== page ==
• In the beginning of the electoral campaign, a civic initiative was created to monitor conduct of the elections.2 The biggest problem, according to these observers, was the indirect use of public money for CP’s campaign in the capital city, Tallinn, where CP leader Edgar Savisaar was mayor. Observers considered the press coverage by Tallinn TV (a small station funded from the municipal budget but widely viewed to be a CP propaganda channel) as lacking neutrality toward other politicians and parties.3
  • According to official results, turnout was 64.2 percent and 6 parties exceeded the 5-percent electoral threshold. RP won the elections, receiving 27.7 percent of the vote (compared to 28.6 percent in the 2011 elections)4 and earning 30 out of 101 seats in the parliament. CP followed RP with 24.8 percent of the vote, and SD with 15.2 percent. The results were most disappointing for PPRPU, which won only 13.7 percent of the vote (down nearly 7 percent from 2011) and lost 9 of the 23 seats it had held. Mainly because of this, but also due to problems related to the party’s internal trust and functioning, PPRPU chose a new chairman in June.5
  • In addition, two recently established parties were able to enter parliament: the Estonian Free Party (EFP), with 8.7 percent of the vote, and the Estonian Conservative People’s Party (ECPP) with 8.1 percent of the vote. The latter has gained support among voters who are relatively opposed to European integration, immigration, and same-sex partnerships, which were legalized in 2014 under a cohabitation law. These are recent topics for the agendas of the ruling parties, and the ECPP is effectively channeling the discontent they have generated.6
  • The elections were significant due to the record-breaking number of electronic votes cast: 176,491 people voted online, or more than 30 percent of all votes. The percentage of e-votes has grown by more than 4 percent compared to the previous parliamentary elections, indicating a steady increase in the use of electronic participation channels in Estonia.7
  • One notable change in the electoral system was the passage in May of an amendment to the constitution that lowers the voting age to 16 in local elections.8 This aims to increase the number of younger people participating in local elections and thereby engaging them in local decision-making.9 However, the Act of Local Government Elections necessary for the amendment to take effect failed to pass with the necessary votes; this conflict between the constitution and the subordinate act will need to be resolved in the future.10 The next round of local elections will take place in fall 2017.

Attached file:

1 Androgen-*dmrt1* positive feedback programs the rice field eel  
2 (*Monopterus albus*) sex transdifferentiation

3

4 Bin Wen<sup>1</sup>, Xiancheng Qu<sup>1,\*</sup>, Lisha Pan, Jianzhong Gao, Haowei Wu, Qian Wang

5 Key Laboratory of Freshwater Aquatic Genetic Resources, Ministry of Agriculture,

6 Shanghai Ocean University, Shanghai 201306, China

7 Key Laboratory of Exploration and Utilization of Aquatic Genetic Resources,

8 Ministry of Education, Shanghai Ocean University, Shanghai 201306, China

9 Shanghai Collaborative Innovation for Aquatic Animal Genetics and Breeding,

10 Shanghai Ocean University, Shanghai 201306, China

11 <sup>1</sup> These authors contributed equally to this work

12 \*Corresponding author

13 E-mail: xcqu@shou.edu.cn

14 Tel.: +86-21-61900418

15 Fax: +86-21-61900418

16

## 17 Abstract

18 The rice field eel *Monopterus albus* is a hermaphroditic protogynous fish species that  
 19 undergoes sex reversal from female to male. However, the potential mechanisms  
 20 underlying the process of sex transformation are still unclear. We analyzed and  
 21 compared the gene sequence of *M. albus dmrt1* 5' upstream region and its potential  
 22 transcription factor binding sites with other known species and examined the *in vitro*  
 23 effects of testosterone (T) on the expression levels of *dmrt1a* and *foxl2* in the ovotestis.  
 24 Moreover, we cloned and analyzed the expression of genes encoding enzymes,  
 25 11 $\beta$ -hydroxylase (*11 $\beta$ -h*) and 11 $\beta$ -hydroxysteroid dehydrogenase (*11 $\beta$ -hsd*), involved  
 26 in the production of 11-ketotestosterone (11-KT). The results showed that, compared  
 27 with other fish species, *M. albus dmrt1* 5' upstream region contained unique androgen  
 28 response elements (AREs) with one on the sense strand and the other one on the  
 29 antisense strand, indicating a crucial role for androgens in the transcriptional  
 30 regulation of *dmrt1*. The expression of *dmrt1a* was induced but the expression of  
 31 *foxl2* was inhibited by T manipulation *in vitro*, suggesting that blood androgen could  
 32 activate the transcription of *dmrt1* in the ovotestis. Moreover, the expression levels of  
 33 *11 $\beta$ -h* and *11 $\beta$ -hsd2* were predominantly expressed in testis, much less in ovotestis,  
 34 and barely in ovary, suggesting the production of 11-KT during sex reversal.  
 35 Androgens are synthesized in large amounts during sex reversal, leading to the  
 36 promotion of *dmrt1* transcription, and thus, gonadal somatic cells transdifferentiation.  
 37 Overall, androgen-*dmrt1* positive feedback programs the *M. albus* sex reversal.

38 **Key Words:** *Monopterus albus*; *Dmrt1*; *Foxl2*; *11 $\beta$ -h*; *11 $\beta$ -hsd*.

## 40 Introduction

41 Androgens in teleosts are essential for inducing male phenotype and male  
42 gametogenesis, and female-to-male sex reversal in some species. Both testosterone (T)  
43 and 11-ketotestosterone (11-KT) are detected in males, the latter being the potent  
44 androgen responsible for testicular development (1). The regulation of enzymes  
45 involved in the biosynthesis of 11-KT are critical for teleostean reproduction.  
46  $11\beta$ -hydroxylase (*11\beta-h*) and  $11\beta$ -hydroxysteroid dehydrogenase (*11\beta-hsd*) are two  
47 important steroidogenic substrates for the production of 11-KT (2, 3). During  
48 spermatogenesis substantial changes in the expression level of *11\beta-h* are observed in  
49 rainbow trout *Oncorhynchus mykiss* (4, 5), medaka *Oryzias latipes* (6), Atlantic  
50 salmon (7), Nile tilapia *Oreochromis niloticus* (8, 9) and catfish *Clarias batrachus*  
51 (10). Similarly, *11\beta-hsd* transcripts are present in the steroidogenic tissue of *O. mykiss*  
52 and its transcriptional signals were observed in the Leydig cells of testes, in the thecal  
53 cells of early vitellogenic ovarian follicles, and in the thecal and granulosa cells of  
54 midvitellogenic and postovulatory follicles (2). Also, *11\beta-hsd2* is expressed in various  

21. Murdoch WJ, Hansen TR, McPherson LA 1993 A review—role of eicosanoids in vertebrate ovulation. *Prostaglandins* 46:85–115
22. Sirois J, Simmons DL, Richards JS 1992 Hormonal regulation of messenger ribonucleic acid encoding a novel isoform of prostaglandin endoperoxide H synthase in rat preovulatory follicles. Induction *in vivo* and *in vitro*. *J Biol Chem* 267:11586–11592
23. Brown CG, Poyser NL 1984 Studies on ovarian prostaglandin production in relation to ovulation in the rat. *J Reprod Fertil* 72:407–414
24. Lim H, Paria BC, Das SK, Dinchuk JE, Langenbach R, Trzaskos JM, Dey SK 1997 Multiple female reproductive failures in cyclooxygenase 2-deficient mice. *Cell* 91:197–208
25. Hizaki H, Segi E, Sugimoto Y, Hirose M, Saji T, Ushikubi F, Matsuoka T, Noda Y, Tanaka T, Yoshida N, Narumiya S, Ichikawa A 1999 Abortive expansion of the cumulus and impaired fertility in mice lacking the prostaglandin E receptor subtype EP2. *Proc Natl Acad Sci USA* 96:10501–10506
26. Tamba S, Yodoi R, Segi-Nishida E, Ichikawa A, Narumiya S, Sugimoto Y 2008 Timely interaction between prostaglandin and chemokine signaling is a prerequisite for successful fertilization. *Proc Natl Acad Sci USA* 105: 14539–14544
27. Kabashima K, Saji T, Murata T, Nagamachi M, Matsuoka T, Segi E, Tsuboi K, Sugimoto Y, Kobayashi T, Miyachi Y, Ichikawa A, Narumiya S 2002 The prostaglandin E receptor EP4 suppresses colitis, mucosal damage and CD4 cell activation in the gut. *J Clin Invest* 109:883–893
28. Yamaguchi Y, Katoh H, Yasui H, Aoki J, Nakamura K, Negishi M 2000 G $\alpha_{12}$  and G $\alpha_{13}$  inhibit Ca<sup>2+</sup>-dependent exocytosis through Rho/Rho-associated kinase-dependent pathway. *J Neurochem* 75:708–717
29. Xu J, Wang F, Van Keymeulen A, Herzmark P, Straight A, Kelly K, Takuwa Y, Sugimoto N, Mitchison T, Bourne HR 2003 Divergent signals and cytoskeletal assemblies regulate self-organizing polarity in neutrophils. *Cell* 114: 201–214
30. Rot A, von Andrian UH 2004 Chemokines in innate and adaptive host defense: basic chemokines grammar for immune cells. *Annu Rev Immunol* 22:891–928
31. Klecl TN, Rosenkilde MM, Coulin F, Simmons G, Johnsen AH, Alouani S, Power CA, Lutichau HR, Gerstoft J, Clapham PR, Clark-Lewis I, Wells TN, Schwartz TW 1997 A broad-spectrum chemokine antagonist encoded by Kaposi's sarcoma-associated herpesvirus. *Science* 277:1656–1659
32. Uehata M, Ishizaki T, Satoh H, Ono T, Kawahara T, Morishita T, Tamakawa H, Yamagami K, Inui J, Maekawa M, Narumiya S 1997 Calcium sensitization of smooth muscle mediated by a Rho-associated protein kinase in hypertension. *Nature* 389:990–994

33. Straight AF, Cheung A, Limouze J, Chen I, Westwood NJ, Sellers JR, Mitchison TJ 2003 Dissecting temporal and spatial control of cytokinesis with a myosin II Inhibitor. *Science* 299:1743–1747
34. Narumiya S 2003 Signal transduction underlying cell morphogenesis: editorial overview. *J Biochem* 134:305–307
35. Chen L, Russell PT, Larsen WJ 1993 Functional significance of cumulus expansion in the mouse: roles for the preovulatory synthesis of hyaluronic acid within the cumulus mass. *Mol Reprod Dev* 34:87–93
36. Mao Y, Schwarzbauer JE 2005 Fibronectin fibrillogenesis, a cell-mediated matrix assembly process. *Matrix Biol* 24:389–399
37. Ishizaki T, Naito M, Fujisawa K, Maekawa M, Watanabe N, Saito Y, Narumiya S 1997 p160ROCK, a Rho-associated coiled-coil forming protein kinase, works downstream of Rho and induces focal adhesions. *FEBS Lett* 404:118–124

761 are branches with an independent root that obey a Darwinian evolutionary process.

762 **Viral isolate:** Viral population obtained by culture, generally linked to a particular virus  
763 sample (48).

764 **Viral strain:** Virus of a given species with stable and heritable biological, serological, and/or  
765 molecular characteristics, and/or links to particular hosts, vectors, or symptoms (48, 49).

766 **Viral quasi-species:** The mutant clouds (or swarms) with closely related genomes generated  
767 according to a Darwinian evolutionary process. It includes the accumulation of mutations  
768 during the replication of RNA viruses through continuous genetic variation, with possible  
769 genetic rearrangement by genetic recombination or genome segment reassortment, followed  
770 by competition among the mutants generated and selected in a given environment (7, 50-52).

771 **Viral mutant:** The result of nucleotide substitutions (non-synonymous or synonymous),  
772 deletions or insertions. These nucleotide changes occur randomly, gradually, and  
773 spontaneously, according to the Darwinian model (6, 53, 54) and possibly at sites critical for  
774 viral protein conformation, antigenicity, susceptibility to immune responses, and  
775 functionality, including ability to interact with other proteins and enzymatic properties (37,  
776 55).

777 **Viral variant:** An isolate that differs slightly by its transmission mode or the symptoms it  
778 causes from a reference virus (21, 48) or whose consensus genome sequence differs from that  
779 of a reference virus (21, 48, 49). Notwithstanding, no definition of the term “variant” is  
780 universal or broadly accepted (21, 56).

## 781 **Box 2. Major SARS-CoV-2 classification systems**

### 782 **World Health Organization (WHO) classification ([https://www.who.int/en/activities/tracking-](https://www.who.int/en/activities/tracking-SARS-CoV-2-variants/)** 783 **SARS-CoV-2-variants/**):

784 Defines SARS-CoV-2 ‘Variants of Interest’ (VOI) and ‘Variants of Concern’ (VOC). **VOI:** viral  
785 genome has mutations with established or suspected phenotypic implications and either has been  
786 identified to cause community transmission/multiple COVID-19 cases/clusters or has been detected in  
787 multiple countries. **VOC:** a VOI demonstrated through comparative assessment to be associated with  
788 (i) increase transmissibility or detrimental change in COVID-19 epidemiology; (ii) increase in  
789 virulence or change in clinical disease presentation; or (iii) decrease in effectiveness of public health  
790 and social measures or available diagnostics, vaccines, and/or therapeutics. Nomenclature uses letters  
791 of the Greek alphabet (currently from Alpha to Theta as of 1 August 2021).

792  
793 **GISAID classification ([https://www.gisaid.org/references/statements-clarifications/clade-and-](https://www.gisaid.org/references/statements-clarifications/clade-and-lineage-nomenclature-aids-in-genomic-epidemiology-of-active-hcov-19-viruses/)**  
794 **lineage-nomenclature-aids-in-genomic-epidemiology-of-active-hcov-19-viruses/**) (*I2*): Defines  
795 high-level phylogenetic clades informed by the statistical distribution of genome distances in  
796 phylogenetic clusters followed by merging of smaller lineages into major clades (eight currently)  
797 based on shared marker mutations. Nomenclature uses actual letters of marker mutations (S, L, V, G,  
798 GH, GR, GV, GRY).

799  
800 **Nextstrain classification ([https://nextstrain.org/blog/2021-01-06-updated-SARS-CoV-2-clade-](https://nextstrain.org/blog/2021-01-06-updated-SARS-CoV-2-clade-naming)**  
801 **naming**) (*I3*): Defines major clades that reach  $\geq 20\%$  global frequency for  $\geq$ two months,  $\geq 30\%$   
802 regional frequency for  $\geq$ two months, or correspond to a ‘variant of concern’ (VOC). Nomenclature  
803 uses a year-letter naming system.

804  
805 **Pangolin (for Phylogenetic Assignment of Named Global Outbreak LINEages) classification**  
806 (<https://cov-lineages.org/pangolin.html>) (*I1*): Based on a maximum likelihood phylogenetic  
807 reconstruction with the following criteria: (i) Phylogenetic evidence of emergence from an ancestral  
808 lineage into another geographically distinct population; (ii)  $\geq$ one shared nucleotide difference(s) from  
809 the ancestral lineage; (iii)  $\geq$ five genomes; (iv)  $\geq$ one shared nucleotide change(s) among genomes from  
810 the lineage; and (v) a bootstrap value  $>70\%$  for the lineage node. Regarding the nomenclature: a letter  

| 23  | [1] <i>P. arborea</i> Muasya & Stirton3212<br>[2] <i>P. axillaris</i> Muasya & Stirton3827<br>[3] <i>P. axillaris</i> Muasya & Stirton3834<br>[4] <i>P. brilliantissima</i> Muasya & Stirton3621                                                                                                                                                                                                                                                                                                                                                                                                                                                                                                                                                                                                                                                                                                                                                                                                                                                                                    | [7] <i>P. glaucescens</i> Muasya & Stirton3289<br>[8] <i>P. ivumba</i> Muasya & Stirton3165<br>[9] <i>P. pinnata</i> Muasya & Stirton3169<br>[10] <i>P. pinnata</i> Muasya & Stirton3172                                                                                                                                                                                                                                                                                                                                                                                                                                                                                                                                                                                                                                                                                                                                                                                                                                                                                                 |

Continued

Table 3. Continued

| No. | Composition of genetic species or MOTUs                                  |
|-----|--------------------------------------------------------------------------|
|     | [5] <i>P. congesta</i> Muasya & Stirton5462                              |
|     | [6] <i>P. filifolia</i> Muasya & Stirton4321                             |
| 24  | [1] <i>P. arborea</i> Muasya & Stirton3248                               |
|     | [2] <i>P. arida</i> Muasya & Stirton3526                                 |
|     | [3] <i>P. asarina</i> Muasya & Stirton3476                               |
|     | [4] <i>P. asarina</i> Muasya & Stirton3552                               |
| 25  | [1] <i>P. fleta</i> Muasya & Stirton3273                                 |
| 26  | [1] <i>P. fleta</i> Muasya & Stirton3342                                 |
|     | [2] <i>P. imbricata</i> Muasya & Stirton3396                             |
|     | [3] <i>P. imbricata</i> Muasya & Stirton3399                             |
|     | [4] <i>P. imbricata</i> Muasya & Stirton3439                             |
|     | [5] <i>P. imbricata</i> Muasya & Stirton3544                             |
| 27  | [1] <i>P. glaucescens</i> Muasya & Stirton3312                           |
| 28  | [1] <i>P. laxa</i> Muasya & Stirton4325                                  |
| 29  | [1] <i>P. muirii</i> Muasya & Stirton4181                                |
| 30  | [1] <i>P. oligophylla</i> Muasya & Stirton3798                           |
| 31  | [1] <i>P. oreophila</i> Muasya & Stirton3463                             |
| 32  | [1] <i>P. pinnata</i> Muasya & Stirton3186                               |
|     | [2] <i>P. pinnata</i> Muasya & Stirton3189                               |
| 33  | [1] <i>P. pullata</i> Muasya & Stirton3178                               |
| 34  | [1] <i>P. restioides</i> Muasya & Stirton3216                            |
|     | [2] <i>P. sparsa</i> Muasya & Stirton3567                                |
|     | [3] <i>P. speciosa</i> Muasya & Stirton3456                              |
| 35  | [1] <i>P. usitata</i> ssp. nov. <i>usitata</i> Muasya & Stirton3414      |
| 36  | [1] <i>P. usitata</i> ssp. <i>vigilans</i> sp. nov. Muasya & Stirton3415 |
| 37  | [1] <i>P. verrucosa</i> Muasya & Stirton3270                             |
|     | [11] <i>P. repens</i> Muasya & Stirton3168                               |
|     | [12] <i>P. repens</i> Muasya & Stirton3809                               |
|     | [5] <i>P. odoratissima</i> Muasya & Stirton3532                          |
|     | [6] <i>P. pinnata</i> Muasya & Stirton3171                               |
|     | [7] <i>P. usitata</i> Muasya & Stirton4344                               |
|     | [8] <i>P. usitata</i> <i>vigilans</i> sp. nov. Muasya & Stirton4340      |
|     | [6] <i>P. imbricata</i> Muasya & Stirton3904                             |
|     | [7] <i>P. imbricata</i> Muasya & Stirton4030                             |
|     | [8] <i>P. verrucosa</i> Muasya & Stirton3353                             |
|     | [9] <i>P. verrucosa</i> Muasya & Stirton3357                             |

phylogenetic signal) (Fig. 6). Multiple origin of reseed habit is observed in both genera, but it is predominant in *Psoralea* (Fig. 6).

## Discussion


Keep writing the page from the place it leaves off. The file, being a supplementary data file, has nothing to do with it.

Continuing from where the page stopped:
Civil Society 1.00-7.00 pts0-7 pts
Assesses the organizational capacity and financial sustainability of the civic sector; the legal and political environment in which it operates; the functioning of trade unions; interest group participation in the policy process; and the threat posed by antidemocratic extremist groups. 6.256 7.007
  • Estonia has a stable and sustainable environment for civil society activity, demonstrated by the best score in Europe and Eurasia in USAID’s 2014 CSO Sustainability Index.1 Two large grantmakers support civil society activity in Estonia: the Open Estonia Foundation, which acts as an administrator for European Economic Area (EEA) capacity-building funds in the total amount of 2.3 million euros over two years, and the National Foundation for Civil Society (NFCS), which distributes state funding with a budget of about 2.5 million euros per year.2 The online crowdfunding portal Hooandja (comparable to Kickstarter) continues to be successful as a means of raising funds for volunteer causes. As the CSO Sustainability Index notes, private investors and businesses are increasingly open to cooperation with civil society organizations (CSOs);3 one creative strategy for encouraging private contributions to nonprofit initiatives is the use of social impact bonds to support, for example, a program to reduce juvenile delinquency.4